• 39. Theater Techniques: Sitting Statues and Tableaux Student Directions in Guided Reading Discussion Section: From The Real Story of the Three Little Pigs: “Show me a sitting statue of when the wolf feeling misunderstood and wrongly accused. 3-2-1 Freeze! When I touch your shoulder, vocalize what the wolf might say.” In Nonfiction, Paul Revere Social Studies unit, “Show my a statue of a Patriot….Loyalist. 3-2-1 Freeze! When I touch your shoulder, vocalize what a Patriot might say.” As you read the text, place a star next to the 3 most important sections of the text. In literature – problem, climax, and resolution. Then, give the group 2 minutes to develop a group tableau depicting the scene.
  • 40. Sketch to Stretch Graffiti Tables (K-5) ~ Excellent for Struggling Readers K-2 completes “After Reading” and 3rd-5th completes “During Reading” Silently sketch pictures to represent the text. Groups members discuss each sketch, and then artist share’s his/her perceptions. Writing Stem Responses Illustrate Informational Text Features to Support the passage
  • 41. Literature Circle with Informational Text ~Extension for Fluent Students Circles can deepen and enhance understanding of text, build motivation for reading, and expand oral language. Lit Circles are not the best tool for teaching reading strategies, though. The Teacher’s Role: To quietly guarantee the success of the discussion, and guide students to extend their thinking.
  • 42. Literature Circle with Informational Text ~Extension for Advanced Students Key Points to Success for Literate Conversations: Model, Model, Model before moving slowly to independence Guide students to Extend their thinking: “What an interesting thought. Can anyone else link up to that?” Encourage the use of evidence: “ I wonder if someone can find something in the text to help us” Assist in clarifying ideas: “I’m not sure I understand. Can you tell us more?” Support participation from all students: “ Jonathan, you have great ideas. What are your thoughts?
  • 43. Turn & Talk with Think Dots (K-5: Level The Questions) Writing in the Margins of Complex Text with Think Dots (3rd-5th)
  • 44. 3-2-1 Think Marks 3 Important Parts 2 Surprising Parts 1 Confusing or I Wonder Parts
  • 45. Read, Cover, Remember, Retell ~Early to Transitional Readers Some readers will continue reading even when they don’t understand the material. This process supports readers by stopping them frequently to THINK about the meaning. READ only as much as you can cover with your hand. COVER the words with your hands. REMEMBER what you have just read. (It’s OK to take another look) RETELL what you just read inside your head or to a partner.
  • 46. Quick Comprehension Tasks for Early – Transitional Readers You know these....but with the constant drum of new initiatives and flood of information, we sometimes forget the basics! B-M-E: Beginning-Middle-End Literature: Students take turns telling what happened at the beginning, middle, and end of the narrative. Informational: Students stop at 3 sticky note points and summarize the text. S-W-B-S: Somebody-Wanted-But-So (Literature) Students recall the character (Somebody), the character’s goal (Wanted), the conflict (But), and the resolution (So). Who & What: (Informational) Student summarizes each page by saying or writing a summary of Who the text is about and What happened or was learned. Five Finger Retell: (Literature) Use the fingers on one hand to recall and retell the 5 story elements. Use the palm of the hand for the theme.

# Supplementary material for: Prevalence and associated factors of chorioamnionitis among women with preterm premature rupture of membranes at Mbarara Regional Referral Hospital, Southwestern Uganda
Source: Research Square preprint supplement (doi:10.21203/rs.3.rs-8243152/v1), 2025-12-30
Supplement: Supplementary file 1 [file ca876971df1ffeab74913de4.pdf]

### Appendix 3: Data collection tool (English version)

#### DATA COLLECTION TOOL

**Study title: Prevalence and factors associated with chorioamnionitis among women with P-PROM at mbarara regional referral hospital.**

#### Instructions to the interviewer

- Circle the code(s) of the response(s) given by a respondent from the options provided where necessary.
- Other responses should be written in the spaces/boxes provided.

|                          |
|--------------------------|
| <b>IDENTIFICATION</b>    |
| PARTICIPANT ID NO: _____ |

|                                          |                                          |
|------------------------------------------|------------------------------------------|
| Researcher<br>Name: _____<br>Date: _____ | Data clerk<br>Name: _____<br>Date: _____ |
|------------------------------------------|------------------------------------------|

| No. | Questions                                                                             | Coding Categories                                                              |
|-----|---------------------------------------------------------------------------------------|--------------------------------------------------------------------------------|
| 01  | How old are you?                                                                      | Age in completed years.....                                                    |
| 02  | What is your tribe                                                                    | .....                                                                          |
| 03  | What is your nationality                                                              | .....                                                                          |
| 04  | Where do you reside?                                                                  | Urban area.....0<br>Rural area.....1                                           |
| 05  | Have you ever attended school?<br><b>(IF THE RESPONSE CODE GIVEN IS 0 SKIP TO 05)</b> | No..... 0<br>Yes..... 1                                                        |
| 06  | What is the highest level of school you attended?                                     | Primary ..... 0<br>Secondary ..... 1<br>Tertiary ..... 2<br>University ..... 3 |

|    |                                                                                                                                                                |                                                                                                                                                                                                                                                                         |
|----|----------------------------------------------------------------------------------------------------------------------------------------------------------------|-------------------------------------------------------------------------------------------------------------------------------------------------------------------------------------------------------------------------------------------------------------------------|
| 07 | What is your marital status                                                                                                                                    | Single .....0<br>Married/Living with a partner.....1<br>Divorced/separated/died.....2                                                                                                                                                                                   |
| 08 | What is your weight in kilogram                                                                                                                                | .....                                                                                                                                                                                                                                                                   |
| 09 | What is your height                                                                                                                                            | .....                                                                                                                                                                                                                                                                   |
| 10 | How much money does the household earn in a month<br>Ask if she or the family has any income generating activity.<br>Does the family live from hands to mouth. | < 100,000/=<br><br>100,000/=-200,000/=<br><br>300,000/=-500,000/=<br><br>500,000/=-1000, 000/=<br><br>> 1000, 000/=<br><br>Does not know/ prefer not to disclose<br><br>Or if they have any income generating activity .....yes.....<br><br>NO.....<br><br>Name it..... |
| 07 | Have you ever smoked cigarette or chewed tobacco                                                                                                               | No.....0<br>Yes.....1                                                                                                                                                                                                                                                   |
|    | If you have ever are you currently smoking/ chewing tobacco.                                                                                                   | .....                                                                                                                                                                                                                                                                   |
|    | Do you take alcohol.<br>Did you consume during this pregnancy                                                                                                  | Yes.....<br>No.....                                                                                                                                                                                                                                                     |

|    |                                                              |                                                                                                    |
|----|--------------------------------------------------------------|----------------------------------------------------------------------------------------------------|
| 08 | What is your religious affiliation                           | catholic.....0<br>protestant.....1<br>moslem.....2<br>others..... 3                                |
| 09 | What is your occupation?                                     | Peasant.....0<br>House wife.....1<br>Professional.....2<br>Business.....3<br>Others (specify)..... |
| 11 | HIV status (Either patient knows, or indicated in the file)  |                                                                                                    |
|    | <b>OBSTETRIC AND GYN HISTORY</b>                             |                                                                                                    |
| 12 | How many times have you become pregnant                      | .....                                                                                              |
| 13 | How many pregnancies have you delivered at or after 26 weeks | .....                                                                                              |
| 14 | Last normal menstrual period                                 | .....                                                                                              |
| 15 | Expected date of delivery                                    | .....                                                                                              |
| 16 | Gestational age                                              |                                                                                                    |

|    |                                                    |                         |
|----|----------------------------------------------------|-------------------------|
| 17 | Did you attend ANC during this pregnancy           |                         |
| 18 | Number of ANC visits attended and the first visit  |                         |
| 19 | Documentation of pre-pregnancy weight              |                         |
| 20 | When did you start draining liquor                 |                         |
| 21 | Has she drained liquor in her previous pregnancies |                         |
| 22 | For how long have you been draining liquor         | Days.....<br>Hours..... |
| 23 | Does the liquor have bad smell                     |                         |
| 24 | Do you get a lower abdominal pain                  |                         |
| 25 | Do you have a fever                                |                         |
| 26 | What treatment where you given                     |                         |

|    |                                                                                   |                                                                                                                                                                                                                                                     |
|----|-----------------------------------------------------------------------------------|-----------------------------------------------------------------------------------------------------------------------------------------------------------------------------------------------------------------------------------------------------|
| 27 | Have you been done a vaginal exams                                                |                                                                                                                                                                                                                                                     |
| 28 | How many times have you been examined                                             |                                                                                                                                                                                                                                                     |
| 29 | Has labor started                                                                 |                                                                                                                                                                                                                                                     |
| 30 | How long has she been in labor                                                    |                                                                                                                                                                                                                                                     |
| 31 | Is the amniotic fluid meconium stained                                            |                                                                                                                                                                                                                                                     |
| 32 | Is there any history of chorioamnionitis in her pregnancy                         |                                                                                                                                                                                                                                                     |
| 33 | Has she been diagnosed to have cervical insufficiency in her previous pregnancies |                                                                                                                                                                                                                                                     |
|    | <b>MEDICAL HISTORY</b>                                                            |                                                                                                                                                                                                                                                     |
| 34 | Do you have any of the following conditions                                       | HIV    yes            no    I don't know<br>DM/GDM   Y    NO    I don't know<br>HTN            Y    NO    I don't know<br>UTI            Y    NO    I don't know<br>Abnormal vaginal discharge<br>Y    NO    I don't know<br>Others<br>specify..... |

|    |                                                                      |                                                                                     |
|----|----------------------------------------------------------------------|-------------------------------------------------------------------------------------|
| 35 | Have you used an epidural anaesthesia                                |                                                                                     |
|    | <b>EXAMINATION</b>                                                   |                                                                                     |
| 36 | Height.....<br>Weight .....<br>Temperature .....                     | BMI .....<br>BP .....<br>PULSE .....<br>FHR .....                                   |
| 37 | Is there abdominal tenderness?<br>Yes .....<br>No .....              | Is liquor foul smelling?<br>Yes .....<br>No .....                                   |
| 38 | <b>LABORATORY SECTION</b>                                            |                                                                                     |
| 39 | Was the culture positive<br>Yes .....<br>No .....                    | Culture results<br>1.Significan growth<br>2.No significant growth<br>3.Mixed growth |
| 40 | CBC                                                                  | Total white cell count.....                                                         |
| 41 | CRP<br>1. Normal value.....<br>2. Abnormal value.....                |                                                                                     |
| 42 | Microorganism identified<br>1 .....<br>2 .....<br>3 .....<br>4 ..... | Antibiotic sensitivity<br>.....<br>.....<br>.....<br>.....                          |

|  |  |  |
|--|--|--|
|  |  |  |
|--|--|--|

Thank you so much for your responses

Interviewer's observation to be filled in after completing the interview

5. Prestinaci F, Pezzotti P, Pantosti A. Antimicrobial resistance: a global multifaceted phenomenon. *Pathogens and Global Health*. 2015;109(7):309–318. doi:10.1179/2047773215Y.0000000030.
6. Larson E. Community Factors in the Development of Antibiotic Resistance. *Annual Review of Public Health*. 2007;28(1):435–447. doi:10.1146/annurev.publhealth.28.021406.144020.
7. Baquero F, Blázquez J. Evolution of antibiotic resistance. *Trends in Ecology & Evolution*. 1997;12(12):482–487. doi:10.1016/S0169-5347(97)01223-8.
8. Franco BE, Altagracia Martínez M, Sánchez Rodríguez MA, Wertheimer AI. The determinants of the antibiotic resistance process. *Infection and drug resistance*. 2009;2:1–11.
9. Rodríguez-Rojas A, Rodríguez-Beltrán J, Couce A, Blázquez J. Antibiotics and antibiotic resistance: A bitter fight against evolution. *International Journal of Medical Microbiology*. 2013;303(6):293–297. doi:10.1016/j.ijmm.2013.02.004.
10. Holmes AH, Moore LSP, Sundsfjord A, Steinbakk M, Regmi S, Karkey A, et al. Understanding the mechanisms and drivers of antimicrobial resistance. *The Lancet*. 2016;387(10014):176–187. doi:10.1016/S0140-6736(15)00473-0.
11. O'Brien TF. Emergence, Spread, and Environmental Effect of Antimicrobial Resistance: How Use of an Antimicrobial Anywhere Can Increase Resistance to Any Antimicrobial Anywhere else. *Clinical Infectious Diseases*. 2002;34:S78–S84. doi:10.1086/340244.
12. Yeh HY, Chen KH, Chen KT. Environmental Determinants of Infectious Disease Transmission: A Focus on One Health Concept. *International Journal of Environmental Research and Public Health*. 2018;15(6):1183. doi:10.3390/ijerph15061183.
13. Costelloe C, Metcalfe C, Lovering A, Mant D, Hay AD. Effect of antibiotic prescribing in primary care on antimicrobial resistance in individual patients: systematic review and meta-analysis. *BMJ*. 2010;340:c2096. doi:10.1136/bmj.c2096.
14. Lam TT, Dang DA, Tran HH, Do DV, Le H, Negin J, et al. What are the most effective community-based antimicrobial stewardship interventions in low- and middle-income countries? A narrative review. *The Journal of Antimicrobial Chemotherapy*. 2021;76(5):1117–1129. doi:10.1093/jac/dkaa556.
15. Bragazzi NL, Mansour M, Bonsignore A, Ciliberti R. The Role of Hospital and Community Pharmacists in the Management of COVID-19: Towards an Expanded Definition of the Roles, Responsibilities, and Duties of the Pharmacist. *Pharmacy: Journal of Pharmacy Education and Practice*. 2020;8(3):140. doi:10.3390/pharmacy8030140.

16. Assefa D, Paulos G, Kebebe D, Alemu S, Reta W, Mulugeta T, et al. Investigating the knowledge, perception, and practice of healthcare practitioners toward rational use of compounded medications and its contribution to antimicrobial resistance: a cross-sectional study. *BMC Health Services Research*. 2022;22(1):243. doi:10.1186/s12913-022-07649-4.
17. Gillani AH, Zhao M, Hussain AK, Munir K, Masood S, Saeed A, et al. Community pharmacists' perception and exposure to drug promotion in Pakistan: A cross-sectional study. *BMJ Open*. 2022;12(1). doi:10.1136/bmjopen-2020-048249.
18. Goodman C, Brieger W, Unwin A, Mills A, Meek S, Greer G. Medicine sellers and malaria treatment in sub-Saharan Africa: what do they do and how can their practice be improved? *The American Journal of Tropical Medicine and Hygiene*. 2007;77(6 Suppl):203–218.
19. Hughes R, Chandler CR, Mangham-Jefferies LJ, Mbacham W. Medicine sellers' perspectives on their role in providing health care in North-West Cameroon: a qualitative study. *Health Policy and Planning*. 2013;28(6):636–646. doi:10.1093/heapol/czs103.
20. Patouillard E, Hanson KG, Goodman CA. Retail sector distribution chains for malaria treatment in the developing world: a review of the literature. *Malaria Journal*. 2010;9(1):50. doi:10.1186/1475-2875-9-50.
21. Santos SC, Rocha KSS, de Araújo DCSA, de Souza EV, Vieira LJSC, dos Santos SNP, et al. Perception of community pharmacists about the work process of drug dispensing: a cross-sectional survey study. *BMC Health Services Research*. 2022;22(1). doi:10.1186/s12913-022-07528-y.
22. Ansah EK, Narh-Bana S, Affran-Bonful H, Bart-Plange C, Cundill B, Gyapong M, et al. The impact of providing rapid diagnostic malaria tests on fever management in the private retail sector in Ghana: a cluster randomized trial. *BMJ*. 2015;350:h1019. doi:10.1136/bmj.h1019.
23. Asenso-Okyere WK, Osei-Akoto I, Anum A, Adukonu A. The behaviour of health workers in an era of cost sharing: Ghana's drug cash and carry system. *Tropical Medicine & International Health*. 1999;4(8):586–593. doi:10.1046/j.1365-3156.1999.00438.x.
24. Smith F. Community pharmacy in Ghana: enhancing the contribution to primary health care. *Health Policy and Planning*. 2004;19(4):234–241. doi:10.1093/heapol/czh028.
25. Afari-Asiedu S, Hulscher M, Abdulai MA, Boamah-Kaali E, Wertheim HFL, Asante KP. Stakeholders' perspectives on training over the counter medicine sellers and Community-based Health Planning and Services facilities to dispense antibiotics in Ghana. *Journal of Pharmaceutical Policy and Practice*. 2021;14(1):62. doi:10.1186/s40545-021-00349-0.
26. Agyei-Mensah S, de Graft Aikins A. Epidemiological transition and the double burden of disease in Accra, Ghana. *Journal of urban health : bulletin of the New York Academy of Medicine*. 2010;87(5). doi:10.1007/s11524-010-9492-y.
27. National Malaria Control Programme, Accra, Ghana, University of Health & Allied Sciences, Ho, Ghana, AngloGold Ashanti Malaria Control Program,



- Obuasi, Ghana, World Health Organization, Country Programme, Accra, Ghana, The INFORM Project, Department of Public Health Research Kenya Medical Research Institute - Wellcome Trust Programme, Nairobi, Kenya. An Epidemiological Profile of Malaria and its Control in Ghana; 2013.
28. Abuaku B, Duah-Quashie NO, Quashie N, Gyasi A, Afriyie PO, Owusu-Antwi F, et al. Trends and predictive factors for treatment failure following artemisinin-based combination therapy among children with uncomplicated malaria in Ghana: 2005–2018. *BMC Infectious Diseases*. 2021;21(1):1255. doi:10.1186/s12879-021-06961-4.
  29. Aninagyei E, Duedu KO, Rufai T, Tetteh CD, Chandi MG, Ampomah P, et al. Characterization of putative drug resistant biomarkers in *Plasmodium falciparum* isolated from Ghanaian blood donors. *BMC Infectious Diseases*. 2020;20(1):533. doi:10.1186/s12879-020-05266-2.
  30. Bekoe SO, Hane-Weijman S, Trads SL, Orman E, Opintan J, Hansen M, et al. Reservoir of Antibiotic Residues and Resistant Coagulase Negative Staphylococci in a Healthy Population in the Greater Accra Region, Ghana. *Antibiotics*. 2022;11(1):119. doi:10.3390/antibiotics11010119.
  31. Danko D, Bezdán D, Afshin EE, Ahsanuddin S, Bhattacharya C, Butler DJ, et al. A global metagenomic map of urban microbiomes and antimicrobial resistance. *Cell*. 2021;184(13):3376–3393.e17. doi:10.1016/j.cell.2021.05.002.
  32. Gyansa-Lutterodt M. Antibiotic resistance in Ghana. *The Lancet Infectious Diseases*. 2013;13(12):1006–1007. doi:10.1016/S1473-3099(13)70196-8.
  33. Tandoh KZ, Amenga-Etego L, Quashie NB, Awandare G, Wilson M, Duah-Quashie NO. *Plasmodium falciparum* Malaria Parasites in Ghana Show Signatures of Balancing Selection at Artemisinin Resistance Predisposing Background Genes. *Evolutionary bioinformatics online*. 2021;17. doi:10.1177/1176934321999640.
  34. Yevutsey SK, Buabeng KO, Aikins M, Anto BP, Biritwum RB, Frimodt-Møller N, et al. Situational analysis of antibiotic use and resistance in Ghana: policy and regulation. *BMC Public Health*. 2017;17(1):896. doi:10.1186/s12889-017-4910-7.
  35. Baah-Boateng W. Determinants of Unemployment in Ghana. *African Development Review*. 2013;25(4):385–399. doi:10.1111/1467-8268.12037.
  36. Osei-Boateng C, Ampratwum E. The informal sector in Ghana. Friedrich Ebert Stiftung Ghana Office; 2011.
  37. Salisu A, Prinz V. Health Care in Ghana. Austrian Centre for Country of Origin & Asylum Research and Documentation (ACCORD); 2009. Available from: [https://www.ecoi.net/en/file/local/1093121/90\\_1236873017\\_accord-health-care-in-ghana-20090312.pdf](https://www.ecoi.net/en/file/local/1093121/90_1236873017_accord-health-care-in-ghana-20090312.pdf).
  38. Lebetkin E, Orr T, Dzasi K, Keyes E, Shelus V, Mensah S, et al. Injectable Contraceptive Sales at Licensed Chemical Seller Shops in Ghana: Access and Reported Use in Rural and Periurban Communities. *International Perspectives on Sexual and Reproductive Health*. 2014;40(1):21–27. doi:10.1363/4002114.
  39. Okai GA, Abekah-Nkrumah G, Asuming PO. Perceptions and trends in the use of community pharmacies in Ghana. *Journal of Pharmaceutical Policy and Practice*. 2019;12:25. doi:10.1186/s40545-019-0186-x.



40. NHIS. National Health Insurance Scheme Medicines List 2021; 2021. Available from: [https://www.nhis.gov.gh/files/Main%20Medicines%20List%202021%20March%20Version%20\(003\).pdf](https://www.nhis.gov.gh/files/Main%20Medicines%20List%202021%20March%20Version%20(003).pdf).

• 47. Quick Comprehension Tasks for Fluent Readers *Use the strategy and genre to support the CCGPS standard Comprehension-Fiction           Retell Visualize Predict & Support Make Connections Character Traits Ask Questions Determine Importance Cause and Effect Character Analysis Make Inferences from dialogue, action, or physical descrption Comprehension-NonFiction  Retell  Ask Questions  Summarize with Key Words  Main Idea & Detail  Important/Interesting  Interpreting Text Features  Compare & Contrast  Cause & Effect  Evaluate – fact/opinion, author’s point of view Comprehension-Poetry         Clarify Visualize Make Connections Ask Literal Questions Summarize Make inferences Draw Conclusions Interpret author’s purpose  Figurative Language * These reading strategies are taught to all students through Modeled/Shared.
  • 48. Word Study (Brief work at the end of a lesson or in work stations) Sound Boxes Making Words Analogy Charts Personal Word Wall (Fluent)
  • 49. Guided Writing through Reading Groups Guided Writing occurs the day after students finish reading the text It varies based on the text structure of the book, and your standard 7 strategy choice.
  • 50. Responses to Fiction (Transitional & Fluent) Character Analysis – Students create a web of character traits, and then write a paragraph about the character, using examples from the story. I Poems – Students select a character and write a poem from that character’s POV. Some sample prompts include: I am…, I wonder… , I worry…, I dream… Microthemes - What was the author’s message? What did the character learn that you can apply to your life? Write a reponse. Alternate Ending - Students write an alternate ending that describes what could have happened and what the consequences would have been. *Your focus with each student may be individualized. Conduct short conferences during this time, guiding the students where each student needs growth.
  • 51. Responses to Non-Fiction (Transitional & Fluent) BioPoems – Students follow a predetermined structure to write a poem about a famous person. Ex: Line 1: First Name Line 2: Four traits that describe the person Line 3: Who needs…(three items) Line 4: Who fears…(three items) Line 5: Who gives…(three items) Line 6: Last Name Text Structure Responses Ex: Compare and Contrast Ideas in the text Compare two historical events Main Idea & Detail Response – Students use the chapter titles and headings to write a paragraph that uses details and examples from the text to explain the main idea.
  • 52. Elevator Speech What is Guided Reading?
  • 53. “We’ve taught you that the earth is round, That red and white make pink, And something else that matters moreWe’ve taught you how to think.” --Hooray for Diffendoofer Day! By Dr. Seuss
  • 54. Hoyt, Linda. 2002. Make it Real. Portsmouth, NH: Heinemann. Moore, Sharon. 2004 Conversations in Four-Blocks Classrooms. Greensboro, NC: Carson-Dellosa Publishing, Inc. Richardson, Jan. 2009. The Next Step in Guided Reading. New York: Scholastic Inc. Seravallo, Jennifer. 2007. Conferring with Readers. Portsmouth, NH: Heinemann.